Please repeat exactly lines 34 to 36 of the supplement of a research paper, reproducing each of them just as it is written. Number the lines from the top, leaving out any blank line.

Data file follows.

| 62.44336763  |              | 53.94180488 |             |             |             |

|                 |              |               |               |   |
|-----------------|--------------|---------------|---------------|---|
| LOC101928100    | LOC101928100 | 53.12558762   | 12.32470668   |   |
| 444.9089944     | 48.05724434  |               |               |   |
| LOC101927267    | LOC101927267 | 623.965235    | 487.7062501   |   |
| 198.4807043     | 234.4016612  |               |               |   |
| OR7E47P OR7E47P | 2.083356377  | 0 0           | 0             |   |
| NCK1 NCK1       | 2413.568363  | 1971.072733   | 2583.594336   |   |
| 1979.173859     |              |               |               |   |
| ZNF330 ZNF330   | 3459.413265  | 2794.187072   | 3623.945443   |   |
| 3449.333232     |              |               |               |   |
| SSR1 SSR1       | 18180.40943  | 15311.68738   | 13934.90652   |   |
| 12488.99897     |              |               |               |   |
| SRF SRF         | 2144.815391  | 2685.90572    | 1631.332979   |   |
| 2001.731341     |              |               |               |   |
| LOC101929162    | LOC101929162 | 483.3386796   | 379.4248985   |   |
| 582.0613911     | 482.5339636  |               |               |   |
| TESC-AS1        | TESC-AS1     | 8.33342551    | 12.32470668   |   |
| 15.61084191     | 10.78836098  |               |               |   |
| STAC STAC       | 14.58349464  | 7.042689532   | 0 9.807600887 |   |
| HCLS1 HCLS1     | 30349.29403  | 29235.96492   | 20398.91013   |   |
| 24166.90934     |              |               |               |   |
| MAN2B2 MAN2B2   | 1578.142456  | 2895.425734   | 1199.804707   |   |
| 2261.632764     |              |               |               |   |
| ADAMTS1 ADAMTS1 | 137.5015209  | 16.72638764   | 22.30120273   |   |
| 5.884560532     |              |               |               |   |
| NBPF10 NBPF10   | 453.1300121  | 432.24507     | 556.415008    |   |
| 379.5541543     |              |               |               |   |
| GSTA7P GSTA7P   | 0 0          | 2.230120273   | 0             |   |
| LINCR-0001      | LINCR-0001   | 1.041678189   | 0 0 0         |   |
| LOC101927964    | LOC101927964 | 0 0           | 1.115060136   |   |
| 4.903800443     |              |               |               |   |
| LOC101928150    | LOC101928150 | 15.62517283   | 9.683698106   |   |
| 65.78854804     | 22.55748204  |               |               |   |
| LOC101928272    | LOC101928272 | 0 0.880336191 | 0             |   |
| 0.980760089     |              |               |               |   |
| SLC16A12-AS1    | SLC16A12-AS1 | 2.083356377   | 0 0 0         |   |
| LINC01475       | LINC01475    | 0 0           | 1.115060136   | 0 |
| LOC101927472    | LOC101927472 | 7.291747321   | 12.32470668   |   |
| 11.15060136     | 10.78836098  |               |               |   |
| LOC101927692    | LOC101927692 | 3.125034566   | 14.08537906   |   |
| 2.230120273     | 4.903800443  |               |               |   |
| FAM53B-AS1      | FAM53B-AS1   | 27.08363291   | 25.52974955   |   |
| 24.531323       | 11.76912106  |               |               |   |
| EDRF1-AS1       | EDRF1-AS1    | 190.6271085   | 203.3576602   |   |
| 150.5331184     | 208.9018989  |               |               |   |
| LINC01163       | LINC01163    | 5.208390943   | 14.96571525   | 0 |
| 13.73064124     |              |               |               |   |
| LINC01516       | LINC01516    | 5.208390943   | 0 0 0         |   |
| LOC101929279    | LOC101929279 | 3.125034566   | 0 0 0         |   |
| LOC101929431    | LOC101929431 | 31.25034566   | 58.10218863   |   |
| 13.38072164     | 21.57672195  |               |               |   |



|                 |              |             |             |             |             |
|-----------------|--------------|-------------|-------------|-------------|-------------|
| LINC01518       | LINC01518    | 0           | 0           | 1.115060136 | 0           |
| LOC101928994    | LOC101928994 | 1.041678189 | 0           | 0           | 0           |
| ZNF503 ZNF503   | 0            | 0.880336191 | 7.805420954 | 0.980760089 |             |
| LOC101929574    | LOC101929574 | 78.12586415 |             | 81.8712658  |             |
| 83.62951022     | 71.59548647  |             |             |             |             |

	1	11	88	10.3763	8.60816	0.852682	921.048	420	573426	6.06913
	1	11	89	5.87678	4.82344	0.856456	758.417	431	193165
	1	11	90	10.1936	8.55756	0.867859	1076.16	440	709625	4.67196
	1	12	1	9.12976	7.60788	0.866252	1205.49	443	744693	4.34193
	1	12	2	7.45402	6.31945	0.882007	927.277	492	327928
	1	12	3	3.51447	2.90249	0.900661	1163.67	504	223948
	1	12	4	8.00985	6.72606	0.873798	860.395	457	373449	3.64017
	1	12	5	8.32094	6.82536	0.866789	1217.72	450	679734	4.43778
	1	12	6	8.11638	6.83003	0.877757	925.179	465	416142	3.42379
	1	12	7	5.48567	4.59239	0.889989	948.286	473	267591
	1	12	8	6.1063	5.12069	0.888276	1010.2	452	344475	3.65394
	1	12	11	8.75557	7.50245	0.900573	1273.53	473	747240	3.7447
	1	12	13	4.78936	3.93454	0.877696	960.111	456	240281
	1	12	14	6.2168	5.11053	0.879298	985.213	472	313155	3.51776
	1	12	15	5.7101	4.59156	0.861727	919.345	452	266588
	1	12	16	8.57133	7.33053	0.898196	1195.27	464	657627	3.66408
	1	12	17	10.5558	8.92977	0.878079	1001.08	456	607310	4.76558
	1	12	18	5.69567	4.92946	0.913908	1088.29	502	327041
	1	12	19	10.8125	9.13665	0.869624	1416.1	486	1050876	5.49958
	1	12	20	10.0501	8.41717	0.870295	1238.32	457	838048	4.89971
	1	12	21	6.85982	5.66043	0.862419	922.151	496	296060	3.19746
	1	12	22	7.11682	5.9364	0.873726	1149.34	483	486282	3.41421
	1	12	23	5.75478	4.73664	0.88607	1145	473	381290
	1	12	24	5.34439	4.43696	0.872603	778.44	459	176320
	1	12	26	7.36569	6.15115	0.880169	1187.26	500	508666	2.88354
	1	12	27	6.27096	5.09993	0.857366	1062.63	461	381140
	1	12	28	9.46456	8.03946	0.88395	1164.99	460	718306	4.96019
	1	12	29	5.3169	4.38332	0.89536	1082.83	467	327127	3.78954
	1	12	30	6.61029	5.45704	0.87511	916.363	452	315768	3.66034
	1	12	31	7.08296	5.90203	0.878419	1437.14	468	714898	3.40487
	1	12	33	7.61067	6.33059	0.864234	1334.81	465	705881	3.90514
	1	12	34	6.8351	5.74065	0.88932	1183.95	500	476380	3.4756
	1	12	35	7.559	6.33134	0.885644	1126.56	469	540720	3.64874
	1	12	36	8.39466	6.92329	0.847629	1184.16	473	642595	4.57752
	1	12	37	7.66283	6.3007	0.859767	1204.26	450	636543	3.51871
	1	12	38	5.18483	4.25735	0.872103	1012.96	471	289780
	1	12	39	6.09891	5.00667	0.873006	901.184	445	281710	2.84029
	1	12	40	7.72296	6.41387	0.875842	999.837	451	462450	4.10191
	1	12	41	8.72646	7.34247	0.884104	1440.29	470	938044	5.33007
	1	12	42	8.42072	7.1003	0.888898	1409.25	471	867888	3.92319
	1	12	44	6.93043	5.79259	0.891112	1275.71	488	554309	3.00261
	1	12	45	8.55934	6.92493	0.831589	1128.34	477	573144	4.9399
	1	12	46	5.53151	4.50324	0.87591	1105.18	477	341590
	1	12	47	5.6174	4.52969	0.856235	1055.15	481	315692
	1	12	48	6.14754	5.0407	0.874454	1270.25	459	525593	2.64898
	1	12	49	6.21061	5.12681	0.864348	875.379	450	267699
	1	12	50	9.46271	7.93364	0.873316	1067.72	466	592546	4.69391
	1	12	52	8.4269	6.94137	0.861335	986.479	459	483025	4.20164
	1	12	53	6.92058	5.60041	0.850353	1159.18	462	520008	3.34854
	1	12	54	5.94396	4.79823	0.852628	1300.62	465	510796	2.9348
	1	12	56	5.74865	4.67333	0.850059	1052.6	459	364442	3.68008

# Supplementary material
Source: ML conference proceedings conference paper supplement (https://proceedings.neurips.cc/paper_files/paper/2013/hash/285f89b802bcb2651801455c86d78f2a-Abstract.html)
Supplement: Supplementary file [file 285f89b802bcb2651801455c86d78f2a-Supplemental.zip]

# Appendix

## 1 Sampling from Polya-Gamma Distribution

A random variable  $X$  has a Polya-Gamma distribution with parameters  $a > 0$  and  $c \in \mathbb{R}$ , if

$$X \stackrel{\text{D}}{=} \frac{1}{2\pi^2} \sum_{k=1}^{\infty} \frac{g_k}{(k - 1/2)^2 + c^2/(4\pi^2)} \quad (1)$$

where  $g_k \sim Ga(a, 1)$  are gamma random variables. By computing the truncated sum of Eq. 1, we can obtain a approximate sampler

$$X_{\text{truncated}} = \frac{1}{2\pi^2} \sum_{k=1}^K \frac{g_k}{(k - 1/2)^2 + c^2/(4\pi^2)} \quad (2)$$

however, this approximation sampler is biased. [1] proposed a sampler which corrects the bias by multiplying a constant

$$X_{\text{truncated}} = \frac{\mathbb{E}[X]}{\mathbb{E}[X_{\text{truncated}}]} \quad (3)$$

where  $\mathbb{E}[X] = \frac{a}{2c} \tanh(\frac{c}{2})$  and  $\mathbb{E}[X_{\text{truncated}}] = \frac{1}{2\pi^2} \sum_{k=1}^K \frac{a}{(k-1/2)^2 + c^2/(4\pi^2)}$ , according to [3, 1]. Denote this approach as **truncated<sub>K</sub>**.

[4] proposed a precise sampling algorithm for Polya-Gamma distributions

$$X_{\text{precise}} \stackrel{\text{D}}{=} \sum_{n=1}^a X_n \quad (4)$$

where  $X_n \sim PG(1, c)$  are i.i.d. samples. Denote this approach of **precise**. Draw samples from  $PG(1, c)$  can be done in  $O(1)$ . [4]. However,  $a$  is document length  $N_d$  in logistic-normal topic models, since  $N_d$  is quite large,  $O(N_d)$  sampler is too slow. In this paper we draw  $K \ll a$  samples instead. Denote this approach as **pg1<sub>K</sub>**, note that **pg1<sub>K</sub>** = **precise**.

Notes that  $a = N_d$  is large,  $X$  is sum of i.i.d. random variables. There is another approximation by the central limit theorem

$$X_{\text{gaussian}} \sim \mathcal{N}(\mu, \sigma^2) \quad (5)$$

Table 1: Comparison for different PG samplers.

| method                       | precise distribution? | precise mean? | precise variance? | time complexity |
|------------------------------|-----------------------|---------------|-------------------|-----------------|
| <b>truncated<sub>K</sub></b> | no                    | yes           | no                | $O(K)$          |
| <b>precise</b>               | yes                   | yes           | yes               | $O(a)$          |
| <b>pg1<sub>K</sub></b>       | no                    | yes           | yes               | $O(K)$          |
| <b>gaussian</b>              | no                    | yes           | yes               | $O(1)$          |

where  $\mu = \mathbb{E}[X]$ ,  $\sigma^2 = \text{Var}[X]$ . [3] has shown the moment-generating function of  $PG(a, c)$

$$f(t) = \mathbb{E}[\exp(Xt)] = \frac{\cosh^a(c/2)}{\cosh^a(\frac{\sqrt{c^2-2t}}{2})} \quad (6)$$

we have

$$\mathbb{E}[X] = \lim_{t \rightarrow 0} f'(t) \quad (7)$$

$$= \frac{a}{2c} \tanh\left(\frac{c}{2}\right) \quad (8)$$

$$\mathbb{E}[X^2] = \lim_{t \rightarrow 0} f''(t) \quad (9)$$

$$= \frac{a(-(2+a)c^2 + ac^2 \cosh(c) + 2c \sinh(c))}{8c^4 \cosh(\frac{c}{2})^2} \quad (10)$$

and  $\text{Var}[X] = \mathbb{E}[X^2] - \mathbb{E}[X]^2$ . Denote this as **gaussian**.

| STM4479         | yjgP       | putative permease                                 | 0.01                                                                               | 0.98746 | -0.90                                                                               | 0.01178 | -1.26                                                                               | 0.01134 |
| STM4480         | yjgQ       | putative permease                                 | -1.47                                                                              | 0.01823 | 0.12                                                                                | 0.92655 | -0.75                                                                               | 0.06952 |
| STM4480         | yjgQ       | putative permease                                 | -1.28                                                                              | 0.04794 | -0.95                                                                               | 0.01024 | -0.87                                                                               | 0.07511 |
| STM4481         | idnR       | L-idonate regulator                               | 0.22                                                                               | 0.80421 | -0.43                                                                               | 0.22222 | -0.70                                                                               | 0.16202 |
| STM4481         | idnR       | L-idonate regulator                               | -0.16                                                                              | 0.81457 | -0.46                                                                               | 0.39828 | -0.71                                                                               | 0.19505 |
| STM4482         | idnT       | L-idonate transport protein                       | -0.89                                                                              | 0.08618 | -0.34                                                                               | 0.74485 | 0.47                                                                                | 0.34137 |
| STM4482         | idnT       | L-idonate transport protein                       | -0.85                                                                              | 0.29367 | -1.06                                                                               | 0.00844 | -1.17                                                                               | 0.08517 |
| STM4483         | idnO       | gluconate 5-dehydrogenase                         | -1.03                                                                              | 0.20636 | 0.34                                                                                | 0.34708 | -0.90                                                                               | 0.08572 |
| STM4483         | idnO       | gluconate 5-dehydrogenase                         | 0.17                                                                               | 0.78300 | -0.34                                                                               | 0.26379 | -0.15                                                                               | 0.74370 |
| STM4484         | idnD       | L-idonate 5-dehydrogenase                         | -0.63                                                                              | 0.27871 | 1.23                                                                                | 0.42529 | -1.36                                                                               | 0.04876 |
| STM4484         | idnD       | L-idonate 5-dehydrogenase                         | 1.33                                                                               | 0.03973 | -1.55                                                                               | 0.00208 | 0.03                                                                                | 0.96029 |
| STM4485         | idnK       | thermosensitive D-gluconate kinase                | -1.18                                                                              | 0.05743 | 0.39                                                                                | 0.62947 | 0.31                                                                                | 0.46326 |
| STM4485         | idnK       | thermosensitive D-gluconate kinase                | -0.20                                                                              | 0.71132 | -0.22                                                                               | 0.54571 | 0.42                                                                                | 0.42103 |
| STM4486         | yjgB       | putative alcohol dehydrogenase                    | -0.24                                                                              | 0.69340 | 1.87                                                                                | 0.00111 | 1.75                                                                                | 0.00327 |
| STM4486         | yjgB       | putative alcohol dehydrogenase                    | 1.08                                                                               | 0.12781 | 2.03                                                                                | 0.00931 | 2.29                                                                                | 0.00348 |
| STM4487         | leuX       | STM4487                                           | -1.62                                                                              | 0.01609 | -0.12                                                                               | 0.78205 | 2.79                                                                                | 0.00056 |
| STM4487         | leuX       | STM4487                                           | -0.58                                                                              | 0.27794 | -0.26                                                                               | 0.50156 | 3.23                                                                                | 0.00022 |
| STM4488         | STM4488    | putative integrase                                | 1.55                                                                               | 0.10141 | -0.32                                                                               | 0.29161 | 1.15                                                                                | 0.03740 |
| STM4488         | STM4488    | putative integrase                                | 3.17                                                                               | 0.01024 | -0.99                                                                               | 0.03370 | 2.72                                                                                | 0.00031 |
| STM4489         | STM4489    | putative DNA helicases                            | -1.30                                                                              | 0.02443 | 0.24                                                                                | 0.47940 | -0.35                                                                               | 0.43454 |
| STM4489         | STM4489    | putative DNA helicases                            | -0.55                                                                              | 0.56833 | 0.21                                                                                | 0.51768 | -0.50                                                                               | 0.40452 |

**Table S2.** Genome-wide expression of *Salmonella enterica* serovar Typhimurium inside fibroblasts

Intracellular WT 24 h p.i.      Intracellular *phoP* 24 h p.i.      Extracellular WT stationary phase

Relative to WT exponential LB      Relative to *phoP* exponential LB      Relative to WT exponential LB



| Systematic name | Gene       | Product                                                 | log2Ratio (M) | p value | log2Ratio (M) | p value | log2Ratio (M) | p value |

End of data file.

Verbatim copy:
| LOC101928150    | LOC101928150 | 15.62517283   | 9.683698106   |   |
| 65.78854804     | 22.55748204  |               |               |   |
| LOC101928272    | LOC101928272 | 0 0.880336191 | 0             |   |